As the Clock Ticks Down for Item-Level Serialization

October 19, 2018

By Robert Barton

The U.S. deadline for pharmaceutical manufacturers to implement item-level serialization as part of a global regulatory effort to stem product counterfeiting and diversion is less than a month away — a key step in a process designed to deliver a fully secured U.S. drug distribution system by the end of 2023.

“We are actually at the deadline for phase one,” said Steve Tallant, Director of Product Management and Marketing at Systech, whose technology provides supply chain security solutions to organizations around the world, including in the pharmaceuticals sector. “We were the first vendor to offer a productized serialization solution, so these deadlines are exciting.”

During this first phase, manufacturers need to ensure they are compliant with the requirements for implementing the equipment and processes needed to accommodate the serialized data and barcodes that have to be printed on packages. And while compliance is required, it can also be leveraged to provide additional business benefits, including things like increased supply chain visibility and data exchange, according to Tallant.

What the new system probably won’t do, however, is put a stop to drug counterfeiting that generates roughly $200 billion per year, according to Tallant. “Serialization is intended to solve counterfeiting, but it doesn’t necessarily do that,” he said, pointing out that counterfeited products use replicated barcodes that read the same and provide the same information as legitimate products. In addition, counterfeiters also have easy access to the same additive mechanisms, such as foils, seals and holograms as legitimate manufacturers. “In and of itself, serialization is not going to stop counterfeiting or the gray market. Those products can be fabricated, and they look legitimate, but there’s garbage in the box.”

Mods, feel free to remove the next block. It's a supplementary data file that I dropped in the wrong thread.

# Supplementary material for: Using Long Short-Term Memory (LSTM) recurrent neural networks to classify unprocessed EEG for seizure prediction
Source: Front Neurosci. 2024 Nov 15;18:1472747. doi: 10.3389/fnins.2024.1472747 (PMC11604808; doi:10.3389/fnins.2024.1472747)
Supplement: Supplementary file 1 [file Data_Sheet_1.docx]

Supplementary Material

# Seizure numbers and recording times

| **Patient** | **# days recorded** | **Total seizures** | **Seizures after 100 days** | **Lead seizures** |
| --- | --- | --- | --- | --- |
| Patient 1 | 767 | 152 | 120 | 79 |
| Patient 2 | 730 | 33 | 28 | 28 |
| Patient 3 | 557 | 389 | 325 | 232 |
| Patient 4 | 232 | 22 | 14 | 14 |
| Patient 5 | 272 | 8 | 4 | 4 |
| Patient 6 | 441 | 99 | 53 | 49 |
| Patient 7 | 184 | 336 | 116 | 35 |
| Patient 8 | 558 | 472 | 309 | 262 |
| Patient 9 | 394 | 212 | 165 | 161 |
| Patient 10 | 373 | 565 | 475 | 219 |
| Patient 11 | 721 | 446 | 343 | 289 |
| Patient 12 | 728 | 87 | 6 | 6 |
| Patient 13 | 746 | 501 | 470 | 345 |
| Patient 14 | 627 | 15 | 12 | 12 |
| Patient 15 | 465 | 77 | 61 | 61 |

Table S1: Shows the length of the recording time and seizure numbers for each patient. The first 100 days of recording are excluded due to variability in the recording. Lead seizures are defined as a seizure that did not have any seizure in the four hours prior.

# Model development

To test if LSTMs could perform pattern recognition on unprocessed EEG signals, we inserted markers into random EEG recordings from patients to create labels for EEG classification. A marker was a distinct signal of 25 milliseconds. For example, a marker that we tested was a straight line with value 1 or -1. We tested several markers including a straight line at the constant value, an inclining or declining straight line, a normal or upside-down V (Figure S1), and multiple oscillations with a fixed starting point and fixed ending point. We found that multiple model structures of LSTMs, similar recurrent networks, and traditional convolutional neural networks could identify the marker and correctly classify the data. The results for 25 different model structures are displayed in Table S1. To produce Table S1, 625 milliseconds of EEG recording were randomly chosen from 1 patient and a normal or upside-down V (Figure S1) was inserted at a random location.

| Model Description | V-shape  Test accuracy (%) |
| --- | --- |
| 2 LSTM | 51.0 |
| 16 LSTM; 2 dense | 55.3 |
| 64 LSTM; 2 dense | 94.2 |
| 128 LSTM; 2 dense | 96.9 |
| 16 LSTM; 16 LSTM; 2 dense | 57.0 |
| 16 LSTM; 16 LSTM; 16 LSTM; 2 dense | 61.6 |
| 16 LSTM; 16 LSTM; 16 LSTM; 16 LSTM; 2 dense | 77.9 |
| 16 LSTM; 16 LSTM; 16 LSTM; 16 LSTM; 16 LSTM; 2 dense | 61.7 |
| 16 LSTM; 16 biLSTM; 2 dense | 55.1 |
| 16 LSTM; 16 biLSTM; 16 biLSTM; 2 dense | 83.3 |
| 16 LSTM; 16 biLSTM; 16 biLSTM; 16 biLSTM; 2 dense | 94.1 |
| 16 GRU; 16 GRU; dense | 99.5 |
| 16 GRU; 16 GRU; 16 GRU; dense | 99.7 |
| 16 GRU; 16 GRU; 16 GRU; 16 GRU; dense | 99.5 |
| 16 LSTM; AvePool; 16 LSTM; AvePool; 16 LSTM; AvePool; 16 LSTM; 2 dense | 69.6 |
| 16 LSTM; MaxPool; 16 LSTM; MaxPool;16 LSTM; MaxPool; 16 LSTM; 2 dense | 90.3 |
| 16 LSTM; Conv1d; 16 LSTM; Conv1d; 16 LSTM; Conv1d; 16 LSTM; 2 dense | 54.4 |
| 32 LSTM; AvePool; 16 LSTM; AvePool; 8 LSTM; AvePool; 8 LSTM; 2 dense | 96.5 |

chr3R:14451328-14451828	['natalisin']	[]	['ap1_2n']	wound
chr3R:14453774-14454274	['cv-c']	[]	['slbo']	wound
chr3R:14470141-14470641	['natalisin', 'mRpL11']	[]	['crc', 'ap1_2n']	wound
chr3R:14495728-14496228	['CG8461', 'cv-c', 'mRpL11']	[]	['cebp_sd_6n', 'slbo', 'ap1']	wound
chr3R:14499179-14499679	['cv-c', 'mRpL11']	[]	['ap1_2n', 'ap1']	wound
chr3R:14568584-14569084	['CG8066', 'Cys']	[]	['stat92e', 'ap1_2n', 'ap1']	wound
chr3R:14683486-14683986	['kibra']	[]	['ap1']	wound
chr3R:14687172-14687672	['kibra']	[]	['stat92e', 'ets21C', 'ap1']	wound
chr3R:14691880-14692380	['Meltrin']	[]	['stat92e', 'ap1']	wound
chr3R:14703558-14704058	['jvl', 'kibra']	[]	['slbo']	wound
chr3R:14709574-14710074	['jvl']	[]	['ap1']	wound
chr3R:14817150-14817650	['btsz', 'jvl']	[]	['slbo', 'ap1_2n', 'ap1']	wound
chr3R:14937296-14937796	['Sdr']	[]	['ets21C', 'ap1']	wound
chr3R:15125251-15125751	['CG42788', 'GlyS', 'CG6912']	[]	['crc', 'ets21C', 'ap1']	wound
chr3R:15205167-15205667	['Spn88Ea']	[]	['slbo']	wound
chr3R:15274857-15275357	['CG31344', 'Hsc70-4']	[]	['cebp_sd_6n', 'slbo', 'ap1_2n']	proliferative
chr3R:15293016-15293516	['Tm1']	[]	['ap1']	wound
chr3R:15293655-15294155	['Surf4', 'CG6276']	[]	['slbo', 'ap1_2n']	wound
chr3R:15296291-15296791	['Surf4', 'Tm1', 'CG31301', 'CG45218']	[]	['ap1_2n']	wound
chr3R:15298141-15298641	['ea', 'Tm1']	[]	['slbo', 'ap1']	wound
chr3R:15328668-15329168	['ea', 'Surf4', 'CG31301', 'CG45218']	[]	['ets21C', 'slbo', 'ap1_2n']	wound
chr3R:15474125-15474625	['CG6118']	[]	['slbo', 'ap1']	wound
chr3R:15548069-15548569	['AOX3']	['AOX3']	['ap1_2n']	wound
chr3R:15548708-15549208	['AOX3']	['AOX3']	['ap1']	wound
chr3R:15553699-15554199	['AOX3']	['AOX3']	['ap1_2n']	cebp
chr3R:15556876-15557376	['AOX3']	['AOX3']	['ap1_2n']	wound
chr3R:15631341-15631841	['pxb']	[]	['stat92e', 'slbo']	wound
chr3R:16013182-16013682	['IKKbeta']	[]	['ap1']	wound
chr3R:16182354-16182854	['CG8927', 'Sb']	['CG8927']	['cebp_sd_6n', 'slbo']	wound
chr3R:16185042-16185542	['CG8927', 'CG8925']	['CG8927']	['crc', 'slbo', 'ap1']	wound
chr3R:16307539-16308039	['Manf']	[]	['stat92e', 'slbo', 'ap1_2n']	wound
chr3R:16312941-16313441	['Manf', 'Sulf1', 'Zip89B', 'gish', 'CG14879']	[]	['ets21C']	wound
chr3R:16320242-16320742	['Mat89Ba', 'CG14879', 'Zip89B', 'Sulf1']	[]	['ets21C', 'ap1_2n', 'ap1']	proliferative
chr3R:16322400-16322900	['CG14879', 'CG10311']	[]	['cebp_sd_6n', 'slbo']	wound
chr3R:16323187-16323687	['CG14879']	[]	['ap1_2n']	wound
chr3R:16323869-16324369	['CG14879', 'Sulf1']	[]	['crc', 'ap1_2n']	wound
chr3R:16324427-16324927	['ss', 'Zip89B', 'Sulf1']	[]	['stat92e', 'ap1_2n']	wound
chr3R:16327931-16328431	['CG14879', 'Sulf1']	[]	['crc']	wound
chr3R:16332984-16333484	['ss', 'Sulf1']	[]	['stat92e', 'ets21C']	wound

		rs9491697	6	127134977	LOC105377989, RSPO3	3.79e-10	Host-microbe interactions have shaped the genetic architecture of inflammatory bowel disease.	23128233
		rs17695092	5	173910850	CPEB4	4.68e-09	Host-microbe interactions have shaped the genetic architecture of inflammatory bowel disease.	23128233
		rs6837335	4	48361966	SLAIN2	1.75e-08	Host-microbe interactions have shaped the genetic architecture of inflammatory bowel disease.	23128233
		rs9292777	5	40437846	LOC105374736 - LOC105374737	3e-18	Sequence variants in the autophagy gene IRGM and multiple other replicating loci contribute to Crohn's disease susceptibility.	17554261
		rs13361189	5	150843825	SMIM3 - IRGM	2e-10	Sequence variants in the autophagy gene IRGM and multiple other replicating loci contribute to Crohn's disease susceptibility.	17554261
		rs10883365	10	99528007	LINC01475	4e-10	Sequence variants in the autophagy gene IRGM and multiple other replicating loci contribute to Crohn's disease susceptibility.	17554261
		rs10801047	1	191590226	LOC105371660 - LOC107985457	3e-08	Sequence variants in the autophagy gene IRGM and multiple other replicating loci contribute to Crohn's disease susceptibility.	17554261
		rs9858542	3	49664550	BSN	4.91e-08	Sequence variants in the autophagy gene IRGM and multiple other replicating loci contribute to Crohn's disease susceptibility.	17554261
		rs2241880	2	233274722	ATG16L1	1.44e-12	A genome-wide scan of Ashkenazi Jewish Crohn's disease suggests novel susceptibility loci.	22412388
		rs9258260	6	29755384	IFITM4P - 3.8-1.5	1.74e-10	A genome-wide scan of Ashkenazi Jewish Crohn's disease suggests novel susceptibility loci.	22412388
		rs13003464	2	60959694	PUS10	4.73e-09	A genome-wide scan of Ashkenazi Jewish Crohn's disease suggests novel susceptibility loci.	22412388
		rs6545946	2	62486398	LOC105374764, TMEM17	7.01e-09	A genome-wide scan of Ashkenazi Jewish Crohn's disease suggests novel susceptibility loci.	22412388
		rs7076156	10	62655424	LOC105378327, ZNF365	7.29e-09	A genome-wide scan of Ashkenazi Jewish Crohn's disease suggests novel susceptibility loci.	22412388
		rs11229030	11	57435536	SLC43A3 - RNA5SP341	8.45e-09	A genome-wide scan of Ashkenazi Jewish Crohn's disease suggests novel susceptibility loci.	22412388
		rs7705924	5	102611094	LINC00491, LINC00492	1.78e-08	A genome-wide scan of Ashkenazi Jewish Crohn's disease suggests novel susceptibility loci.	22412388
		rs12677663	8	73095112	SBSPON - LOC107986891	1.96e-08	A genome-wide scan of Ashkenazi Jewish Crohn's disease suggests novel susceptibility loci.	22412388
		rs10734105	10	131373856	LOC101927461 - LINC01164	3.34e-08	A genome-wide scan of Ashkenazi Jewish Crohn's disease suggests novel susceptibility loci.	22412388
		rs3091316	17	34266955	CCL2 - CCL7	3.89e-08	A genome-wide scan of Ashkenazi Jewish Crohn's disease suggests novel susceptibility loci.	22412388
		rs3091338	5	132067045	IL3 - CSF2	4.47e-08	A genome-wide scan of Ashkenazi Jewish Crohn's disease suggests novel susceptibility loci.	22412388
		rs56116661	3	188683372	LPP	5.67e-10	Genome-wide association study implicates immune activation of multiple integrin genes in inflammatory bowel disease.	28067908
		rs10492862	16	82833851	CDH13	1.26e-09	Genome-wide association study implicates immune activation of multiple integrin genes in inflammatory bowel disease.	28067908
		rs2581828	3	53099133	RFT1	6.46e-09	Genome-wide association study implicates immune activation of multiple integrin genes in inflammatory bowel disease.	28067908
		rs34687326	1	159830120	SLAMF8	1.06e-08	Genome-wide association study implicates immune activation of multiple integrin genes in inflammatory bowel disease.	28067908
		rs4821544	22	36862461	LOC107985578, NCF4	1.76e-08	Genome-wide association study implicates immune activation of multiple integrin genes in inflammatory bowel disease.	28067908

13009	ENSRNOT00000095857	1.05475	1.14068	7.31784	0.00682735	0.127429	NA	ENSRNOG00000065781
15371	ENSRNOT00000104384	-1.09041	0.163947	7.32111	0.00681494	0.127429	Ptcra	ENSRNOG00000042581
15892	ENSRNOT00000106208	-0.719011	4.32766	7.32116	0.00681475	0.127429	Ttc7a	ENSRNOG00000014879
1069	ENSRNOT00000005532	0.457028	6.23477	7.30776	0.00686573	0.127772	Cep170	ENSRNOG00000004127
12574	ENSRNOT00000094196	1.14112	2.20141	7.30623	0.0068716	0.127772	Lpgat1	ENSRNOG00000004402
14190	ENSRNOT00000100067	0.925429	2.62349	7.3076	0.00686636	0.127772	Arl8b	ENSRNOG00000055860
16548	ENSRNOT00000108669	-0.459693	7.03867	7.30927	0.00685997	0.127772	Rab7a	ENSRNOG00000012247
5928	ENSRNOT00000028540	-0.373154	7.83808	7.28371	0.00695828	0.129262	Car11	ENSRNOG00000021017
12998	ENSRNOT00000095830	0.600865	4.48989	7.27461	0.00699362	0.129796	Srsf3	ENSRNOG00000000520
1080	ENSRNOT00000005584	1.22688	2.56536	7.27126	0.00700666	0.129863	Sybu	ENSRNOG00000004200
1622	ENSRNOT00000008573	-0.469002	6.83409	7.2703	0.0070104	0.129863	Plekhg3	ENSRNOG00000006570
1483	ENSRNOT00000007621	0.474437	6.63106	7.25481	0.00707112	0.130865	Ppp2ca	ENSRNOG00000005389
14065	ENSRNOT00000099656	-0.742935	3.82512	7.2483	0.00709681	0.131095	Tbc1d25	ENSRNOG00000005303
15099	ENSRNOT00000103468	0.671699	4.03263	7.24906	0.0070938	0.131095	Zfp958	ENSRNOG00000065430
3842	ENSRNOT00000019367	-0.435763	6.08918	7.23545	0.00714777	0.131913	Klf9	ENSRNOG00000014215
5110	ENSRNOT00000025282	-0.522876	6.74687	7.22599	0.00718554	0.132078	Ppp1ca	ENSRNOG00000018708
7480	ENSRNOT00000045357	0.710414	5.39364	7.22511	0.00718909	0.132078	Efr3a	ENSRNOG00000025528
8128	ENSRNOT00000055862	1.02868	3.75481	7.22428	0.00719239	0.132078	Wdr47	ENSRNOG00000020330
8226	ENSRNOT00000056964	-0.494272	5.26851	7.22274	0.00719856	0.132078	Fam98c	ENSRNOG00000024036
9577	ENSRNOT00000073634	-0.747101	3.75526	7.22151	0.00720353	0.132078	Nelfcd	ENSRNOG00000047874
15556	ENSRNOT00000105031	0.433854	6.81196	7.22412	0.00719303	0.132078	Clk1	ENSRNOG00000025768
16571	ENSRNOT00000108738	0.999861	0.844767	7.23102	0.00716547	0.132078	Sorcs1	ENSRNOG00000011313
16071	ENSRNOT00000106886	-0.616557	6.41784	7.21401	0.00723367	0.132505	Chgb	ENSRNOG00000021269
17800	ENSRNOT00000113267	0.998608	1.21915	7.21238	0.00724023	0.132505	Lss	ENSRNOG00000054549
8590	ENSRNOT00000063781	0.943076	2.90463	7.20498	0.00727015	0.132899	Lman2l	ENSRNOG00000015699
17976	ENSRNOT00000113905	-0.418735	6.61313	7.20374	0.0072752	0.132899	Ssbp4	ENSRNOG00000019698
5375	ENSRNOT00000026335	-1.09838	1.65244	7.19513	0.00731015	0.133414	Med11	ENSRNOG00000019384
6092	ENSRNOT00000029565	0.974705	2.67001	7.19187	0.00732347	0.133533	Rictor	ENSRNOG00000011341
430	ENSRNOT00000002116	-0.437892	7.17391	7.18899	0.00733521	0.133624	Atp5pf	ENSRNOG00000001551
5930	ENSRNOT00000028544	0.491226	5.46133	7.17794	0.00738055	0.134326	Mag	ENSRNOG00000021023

However, manufacturers can take advantage of the time and expense invested in serialization to use those efforts to vastly improve product security, according to Tallant. Systech has identified miniscule variations in the printing of individual barcodes that allow it to derive a unique, individual digital e-Fingerprint to each barcode, creating an identifier that cannot be reverse engineered or duplicated.  A copied or fabricated serialized 2D barcode, even if it matches a “real” number, would never match the digitally derived e-Fingerprint of the authentic.

In addition, the company has figured out a way to combine its e-Fingerprint capabilities with Blockchain to create the industry’s only proven way of linking the all-digital Blockchain with the physical package of pharmaceuticals, according to Tallant. Blockchain — which allows for a trusted chain of possession incorporating security and immutability — can be applied to offer the industry a truly secure system for protecting and ensuring the legitimacy of its drug products. “With blockchain, you have a trusted, secure ledger,” Tallant said.

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